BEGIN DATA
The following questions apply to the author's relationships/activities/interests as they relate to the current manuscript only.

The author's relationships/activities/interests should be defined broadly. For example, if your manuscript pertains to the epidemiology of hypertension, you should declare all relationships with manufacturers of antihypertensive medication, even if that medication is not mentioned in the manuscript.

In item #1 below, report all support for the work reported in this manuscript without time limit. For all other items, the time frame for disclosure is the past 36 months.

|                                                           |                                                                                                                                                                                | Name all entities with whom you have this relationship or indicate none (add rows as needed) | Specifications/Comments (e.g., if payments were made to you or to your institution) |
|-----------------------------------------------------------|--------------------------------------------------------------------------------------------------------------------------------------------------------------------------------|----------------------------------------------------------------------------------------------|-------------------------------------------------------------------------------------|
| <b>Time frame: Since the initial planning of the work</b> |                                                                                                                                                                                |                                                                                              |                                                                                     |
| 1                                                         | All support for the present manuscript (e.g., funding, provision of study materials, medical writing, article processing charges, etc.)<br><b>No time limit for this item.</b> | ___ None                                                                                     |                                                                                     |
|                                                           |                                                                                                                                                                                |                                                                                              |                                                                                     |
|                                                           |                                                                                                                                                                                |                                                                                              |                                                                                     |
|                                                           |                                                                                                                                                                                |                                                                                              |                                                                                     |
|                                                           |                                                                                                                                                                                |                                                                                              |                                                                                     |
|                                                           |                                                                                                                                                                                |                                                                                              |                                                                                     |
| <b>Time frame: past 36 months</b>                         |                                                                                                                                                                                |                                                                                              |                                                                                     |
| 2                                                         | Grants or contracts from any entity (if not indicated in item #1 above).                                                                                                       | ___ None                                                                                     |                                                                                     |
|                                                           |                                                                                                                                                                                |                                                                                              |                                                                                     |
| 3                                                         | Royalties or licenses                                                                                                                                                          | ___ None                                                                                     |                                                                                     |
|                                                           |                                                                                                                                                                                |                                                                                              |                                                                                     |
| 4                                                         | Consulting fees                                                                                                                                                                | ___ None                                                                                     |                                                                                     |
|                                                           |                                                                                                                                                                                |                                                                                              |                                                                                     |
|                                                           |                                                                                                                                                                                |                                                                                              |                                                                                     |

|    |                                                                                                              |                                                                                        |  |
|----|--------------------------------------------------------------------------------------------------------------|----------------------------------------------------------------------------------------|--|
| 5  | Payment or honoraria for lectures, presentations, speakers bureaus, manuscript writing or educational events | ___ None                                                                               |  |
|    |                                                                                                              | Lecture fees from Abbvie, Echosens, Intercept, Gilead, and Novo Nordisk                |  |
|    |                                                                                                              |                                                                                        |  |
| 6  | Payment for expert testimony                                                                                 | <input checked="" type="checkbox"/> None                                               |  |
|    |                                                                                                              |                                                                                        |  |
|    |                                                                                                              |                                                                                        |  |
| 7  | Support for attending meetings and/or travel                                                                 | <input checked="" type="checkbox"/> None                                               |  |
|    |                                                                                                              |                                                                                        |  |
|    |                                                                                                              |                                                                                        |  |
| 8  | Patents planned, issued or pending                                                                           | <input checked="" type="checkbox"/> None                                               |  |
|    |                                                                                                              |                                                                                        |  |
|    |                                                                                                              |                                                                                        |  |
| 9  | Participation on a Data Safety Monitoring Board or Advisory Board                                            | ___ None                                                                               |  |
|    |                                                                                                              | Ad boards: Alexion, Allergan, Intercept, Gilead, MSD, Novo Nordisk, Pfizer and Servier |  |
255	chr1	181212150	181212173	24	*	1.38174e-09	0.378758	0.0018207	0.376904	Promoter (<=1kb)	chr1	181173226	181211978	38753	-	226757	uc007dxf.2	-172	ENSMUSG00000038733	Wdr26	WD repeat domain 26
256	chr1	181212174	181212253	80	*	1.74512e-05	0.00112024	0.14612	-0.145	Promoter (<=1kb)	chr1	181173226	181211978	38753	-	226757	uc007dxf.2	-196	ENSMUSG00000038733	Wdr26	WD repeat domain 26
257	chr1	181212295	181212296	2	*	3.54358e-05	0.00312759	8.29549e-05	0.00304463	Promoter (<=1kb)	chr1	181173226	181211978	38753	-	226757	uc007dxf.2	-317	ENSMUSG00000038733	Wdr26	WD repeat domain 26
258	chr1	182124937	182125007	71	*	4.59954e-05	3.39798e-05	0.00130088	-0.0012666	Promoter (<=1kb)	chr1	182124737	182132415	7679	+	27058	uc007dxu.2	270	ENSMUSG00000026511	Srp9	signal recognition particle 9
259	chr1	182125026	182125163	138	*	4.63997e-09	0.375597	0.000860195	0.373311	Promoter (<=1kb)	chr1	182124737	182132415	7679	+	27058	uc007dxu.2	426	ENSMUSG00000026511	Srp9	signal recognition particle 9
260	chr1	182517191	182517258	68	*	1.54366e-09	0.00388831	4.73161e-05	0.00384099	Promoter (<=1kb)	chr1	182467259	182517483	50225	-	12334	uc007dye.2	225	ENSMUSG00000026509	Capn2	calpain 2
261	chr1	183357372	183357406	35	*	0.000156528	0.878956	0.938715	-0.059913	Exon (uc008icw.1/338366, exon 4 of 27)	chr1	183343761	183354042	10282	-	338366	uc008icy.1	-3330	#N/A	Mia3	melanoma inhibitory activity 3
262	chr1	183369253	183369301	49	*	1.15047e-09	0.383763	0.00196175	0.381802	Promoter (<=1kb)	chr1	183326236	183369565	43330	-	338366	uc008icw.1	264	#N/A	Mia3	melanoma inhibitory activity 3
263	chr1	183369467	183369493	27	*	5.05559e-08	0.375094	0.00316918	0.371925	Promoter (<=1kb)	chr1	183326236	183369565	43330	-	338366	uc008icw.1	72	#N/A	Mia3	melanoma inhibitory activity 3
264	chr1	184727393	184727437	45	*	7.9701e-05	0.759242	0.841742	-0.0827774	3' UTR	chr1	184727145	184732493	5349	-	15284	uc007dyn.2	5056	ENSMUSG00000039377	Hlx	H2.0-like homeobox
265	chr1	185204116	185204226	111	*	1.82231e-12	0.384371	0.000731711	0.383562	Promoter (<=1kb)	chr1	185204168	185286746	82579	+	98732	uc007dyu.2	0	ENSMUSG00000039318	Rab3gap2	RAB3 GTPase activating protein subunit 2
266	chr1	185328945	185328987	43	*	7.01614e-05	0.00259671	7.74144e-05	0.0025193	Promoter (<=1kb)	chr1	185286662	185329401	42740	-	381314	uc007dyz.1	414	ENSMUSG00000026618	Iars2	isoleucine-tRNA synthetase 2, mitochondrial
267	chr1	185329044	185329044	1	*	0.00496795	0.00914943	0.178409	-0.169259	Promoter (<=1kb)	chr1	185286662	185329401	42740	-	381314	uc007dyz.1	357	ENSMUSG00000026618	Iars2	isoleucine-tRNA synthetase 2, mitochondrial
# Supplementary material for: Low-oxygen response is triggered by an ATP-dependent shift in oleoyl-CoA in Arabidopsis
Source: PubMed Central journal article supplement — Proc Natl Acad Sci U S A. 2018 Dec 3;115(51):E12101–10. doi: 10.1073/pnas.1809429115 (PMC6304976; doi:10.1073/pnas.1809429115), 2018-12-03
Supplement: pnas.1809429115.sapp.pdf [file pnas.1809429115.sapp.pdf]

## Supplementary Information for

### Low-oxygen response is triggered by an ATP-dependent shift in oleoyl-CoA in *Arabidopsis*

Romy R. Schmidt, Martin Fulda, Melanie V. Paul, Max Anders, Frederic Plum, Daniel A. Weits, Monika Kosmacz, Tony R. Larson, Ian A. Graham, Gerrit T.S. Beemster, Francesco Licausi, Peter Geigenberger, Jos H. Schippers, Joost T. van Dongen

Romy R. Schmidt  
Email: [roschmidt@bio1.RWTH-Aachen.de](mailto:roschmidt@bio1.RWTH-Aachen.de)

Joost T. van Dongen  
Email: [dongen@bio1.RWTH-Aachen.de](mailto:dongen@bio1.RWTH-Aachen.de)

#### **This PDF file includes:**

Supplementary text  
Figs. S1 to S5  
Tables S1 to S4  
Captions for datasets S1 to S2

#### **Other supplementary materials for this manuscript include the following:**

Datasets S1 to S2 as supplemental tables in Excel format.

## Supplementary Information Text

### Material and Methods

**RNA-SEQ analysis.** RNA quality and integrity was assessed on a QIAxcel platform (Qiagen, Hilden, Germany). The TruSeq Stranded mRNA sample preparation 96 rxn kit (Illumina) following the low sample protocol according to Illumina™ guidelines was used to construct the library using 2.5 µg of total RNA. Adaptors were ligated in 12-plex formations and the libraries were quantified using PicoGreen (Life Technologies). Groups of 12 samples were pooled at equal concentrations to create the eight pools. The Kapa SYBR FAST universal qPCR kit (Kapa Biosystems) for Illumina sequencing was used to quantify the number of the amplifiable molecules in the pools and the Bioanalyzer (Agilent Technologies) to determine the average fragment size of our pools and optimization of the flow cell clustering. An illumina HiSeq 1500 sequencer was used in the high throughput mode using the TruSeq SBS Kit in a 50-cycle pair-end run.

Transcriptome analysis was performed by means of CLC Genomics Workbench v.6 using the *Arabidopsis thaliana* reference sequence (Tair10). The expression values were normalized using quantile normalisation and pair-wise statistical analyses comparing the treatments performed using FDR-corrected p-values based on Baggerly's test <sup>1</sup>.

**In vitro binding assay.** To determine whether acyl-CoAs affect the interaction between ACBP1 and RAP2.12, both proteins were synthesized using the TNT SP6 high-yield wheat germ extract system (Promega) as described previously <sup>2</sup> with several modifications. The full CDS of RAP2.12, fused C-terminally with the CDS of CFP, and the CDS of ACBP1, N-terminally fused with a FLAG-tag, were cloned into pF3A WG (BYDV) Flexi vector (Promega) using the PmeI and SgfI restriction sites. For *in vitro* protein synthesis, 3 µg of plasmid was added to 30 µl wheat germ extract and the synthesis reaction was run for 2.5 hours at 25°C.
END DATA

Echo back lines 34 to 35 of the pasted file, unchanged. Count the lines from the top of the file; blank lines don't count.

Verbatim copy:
|    |                                                                                                              |                                                                                        |  |
| 9  | Participation on a Data Safety Monitoring Board or Advisory Board                                            | ___ None                                                                               |  |